churroParticipantStatus: PhysicianPosts: 5Joined: 07/23/2019
We previously set up a relatively simple Will with an estate planning attorney that names a trustee and sets aside an equal share of assets to each of our young children into irrevocable trusts (and one of these trusts is a special needs trust) in the event that both my spouse and I were to perish together. I don’t understand this well enough to know why this was recommended by the attorney, and it was several years ago when we did it, but I’m reading on WCI about revocable living trusts and wondering if that might be better? We also don’t actually have these trusts set up yet, and reading through some of the threads it seems that many of you all have already had the trusts established. I don’t necessarily feel the need to set up the trusts now unless it’s necessary or beneficial in some way, as our goal at this point in time would be to plan for a catastrophe such as if we were to both perish together somehow since we are a young couple with four young children, one of which has special needs. Does it seem reasonable to just have the Will establish these irrevocable trusts? Or do we need to proactively have these trusts already established? Our life insurance policies’ contingent beneficiaries all list the trusts established under the will of the insured. At this point I just would want to make it simple for our executor/trustee and make sure that all the kids get the assets protected appropriately. If I was supposed to have gone and established these trusts after signing the Will, it will be frustrating to hear it that given that we weren’t told to do this already but better late than never. I’m overall happy with the Will which was all very professionally written, I am just left with questions now as I’m reading through WCI content and forums. Either way I am sure we will revisit the Will and the trust situation when we are older and the kids are not minors. Just wanted to get a few thoughts on this – thanks in advance.August 11, 2019 at 6:40 pm MST #238177jfoxcpacfpModeratorStatus: Financial Advisor, Accountant, Small Business OwnerPosts: 7958Joined: 01/09/2016
First of all, the default recommendation of (impo) most E&T attorneys advising HIPs is an RLT. It’s similar to how most CPAs recommend S-corps for side hustles and SEPs as the retirement plan for same (if it even crosses their minds).
In some states, it is appropriate (NY being Exhibit A) but in most, it is not. Estate planning is a very individual and personal process. I will leave it to the actual attorneys participating here to weigh in, but this is one situation I strongly recommend working with an experienced CPA or CFP who will give practical advice, not just fall back on the herd mentality. And who will work proactively with your E&T attorney as a team.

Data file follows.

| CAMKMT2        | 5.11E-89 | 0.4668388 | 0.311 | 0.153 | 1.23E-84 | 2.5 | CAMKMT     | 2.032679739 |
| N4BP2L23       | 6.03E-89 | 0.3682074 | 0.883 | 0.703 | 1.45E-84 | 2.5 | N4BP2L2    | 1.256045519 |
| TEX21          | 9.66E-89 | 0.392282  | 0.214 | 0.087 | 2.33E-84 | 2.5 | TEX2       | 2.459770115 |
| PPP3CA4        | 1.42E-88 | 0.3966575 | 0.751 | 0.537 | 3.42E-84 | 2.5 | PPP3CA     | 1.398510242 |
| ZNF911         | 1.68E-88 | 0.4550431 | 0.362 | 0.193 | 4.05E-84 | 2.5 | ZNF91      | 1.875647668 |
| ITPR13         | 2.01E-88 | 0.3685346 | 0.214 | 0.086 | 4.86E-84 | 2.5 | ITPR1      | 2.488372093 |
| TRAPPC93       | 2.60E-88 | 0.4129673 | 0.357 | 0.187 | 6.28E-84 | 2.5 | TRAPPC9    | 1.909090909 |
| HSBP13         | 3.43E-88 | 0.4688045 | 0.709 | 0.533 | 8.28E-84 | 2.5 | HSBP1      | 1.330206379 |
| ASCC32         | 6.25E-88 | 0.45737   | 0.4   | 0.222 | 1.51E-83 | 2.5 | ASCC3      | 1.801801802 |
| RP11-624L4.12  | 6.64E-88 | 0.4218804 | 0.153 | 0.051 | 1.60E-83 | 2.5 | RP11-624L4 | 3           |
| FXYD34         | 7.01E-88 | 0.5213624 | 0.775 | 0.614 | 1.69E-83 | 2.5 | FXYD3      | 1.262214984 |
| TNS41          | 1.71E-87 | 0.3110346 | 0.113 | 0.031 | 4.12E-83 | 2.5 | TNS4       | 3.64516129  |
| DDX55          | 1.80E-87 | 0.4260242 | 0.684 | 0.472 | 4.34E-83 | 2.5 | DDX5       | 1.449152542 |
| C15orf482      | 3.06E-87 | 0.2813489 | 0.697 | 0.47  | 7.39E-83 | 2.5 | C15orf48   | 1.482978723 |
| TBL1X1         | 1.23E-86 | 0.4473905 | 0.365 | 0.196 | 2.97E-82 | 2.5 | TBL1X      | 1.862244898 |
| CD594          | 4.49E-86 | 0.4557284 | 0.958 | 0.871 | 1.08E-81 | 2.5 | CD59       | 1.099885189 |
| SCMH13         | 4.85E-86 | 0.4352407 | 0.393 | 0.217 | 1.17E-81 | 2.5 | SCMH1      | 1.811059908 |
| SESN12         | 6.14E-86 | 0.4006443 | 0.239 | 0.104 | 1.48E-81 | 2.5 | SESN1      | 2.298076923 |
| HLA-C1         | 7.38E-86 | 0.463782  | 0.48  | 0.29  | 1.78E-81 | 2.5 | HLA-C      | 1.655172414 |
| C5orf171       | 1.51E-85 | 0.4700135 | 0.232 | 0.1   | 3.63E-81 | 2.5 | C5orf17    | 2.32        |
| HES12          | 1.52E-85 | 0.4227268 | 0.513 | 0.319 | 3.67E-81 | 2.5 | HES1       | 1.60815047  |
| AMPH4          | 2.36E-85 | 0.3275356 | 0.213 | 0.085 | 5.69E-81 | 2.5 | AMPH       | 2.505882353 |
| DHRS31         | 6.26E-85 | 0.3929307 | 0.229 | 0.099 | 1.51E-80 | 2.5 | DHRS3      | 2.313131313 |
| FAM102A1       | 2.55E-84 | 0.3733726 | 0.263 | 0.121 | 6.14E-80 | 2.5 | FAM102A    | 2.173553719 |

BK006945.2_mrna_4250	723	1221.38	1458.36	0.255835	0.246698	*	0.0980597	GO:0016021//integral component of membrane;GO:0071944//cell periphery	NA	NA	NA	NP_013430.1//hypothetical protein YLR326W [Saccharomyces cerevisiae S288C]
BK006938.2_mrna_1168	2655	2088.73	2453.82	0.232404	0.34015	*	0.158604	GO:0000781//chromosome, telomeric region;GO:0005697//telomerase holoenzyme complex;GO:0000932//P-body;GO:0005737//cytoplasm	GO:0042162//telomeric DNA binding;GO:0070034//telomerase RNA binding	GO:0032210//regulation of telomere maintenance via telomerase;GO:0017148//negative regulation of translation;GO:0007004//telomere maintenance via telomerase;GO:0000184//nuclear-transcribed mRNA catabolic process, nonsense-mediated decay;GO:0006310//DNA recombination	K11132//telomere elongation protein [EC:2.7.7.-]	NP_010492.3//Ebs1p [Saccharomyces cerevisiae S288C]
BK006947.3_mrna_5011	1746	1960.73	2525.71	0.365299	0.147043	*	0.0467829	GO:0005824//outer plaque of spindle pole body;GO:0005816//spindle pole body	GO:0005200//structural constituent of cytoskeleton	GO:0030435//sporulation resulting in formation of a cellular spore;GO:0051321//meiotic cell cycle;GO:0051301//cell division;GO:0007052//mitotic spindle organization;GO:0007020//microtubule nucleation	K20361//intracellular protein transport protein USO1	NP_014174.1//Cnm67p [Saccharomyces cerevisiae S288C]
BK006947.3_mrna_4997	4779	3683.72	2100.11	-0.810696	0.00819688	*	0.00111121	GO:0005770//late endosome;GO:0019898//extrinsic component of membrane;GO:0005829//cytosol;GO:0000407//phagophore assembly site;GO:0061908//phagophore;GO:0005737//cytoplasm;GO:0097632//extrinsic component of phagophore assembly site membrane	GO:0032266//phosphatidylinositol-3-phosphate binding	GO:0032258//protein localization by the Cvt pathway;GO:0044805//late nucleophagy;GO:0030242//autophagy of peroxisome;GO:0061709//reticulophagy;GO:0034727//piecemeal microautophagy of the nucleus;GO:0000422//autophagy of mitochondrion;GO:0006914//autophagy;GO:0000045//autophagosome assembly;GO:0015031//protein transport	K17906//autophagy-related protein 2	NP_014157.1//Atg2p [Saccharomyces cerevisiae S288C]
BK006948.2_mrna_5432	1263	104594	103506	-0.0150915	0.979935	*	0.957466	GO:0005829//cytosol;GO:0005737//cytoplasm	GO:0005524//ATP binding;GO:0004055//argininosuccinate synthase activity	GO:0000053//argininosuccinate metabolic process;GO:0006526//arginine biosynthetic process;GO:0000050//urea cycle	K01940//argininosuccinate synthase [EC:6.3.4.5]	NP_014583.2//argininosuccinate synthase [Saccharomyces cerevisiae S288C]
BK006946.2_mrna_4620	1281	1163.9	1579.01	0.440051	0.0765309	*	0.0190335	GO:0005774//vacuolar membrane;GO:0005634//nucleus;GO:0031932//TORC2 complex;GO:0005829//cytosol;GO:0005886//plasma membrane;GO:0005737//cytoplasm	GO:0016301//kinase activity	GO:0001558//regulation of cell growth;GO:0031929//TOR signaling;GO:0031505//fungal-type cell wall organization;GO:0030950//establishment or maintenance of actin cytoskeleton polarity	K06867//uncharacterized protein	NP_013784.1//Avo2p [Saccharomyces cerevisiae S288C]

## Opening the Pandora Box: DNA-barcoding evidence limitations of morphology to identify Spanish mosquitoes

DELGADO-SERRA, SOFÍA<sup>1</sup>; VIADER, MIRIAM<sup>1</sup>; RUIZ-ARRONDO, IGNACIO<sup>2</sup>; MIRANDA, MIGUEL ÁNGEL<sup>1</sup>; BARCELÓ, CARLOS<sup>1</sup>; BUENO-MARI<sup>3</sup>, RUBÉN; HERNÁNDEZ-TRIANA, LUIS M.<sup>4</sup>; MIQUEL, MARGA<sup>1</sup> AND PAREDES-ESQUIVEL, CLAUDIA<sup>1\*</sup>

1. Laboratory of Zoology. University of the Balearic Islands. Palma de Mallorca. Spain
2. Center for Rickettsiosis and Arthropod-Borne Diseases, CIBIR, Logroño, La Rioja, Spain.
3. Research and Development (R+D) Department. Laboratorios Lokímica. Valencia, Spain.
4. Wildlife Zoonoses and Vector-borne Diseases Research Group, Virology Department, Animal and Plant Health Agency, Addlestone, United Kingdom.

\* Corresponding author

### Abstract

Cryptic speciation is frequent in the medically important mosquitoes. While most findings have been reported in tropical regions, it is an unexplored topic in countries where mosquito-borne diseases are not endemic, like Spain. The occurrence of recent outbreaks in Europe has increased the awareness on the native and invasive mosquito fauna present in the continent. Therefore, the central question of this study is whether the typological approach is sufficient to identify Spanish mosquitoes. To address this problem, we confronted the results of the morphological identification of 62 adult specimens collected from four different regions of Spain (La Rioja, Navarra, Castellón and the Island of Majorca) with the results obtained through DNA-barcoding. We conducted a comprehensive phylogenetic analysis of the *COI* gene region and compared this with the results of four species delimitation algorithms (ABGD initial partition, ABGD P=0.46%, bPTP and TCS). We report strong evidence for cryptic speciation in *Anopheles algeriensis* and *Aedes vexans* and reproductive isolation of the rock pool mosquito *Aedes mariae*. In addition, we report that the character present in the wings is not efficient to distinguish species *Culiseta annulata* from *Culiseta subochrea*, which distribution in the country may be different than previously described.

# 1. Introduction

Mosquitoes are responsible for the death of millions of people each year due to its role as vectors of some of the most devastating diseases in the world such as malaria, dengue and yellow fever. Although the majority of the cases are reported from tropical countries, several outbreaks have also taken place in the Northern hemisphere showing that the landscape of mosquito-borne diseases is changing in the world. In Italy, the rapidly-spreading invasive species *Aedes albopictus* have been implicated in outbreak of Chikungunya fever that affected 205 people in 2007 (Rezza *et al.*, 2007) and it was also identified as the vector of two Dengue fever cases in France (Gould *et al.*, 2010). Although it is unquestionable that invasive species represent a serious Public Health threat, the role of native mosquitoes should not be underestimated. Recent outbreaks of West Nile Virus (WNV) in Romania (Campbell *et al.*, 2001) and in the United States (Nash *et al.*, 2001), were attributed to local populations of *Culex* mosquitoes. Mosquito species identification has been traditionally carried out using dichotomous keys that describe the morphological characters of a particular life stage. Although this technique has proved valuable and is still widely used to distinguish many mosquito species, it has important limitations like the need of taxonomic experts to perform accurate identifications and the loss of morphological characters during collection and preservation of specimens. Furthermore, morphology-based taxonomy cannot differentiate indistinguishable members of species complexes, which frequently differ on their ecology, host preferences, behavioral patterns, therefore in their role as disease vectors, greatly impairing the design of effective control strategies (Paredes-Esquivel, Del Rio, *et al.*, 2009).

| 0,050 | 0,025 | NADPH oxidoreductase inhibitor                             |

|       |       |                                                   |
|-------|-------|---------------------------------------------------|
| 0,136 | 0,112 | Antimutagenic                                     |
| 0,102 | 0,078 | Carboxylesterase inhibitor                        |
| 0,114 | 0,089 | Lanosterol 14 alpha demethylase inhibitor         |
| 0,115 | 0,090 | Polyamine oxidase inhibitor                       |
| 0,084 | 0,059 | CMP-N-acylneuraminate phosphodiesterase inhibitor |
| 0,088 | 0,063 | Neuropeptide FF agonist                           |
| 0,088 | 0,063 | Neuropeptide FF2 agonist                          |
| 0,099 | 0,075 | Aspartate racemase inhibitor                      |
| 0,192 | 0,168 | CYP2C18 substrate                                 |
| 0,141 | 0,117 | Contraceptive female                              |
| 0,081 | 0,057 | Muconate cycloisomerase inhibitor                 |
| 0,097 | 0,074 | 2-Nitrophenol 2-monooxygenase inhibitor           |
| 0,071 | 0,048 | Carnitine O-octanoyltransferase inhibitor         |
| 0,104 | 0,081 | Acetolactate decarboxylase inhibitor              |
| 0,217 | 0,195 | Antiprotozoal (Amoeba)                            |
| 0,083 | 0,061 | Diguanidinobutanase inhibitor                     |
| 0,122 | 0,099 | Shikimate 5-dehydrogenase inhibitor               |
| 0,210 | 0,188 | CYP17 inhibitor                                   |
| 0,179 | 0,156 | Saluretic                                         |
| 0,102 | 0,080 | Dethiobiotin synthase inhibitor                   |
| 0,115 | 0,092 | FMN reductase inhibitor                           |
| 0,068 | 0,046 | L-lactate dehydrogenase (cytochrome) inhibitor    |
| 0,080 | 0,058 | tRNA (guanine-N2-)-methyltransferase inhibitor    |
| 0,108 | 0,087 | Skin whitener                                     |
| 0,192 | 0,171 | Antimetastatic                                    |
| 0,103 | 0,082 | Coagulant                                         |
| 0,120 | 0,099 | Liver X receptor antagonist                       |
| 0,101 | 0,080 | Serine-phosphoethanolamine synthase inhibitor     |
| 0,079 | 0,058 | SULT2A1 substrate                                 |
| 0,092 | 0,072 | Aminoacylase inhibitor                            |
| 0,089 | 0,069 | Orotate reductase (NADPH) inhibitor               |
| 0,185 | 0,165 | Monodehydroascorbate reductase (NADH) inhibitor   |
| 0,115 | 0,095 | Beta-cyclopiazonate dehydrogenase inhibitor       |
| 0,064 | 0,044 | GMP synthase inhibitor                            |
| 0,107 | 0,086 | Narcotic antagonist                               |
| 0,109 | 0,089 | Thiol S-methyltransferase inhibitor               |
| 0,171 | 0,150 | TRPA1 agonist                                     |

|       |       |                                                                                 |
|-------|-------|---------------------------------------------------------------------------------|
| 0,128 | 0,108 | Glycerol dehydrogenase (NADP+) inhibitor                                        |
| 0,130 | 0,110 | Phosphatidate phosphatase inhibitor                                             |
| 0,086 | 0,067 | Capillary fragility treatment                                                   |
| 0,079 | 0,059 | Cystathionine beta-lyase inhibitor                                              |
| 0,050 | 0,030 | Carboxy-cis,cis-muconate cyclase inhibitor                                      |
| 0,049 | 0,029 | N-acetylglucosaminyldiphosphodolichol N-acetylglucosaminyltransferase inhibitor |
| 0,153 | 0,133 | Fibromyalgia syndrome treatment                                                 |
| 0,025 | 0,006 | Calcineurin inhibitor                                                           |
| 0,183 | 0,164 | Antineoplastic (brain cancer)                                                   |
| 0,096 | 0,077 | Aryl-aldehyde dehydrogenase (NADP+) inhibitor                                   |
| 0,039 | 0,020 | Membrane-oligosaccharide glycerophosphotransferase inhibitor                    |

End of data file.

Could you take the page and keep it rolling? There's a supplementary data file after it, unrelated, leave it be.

iow, I am just giving general advice and there are too many issues and potential consequences at play for me to give you a specific opinion. But I am sure others will have thoughts, experiences, and recommendations.spiritriderParticipantStatus: Small Business OwnerPosts: 1869Joined: 02/01/2016
I couldn’t agree more with @jfoxcpacfp. RLT recommendations by estate lawyers are akin to S-Corp recommendations CPAs provide for physician side hustles. Their default recommendations are without a detailed examination of the specific facts and circumstances. Often they are unnecessary.
However, you sound like you have one of the good ones. Unless I am misunderstanding, you are probably describing what is known as a “Testamentary Trust”. This trust is included as part of your will and like an RLT becomes irrevocable upon your death. However, unlike an RLT or “Inter Vivos Trust”, it is not actually created and funded until after your death. You can’t create these trusts even if you wanted to.
Given your professed goals, a testamentary trust was probably the right prescription. In most cases you can name the trusts as beneficiaries of life insurance policies and retirement accounts. You can name the trusts as TOD recipients of financial accounts. All of the above will avoid probate, so the value of a RLT is limited.
As pointed out by @jfoxcpacfp, probate of other assets is relatively painless and inexpensive in most states. RLTs are generally only beneficial in limited complex and expensive probate states.
If you have a special needs child, you may want to consider a currently funded Inter Vivos special needs trust and/or if they meet the disabled requirements an ABLE account.churroParticipantStatus: PhysicianPosts: 5Joined: 07/23/2019
Thank you so much @jfoxcpacfp and @spiritrider. These are exactly the kind of comments that I was looking for, and both have helped me to sort out the situation. I remember now the terminology the attorney used, and yes these are testamentary trusts as @spiritrider describes. This estate plan is what we were basically asking to have set up since these trusts will be created at death and will allow the children to have permanent ownership to their portions of our assets and LI policies. For our special needs child, we do have an ABLE account but don’t current have a revocable special needs trust, so that’s something I can look into in the future. Thanks again!StarTrekDocParticipantStatus: PhysicianPosts: 1966Joined: 01/15/2017
ABLE account is nice, but we setup an IRREVOCABLE trust for our SN child and pointed all our family to it in case they wanted to do something for him and not accidentally gift him anything directly — this would mess up all his mediCAL and disability things as owned assets and probably would be clawed back to the State.
We have a RLT that pours into the IRREVOCABLE upon our death for his portion of the trust.
This is where a good estate lawyer with understanding of SN laws is worth their weight and time.August 12, 2019 at 4:01 pm MST #238404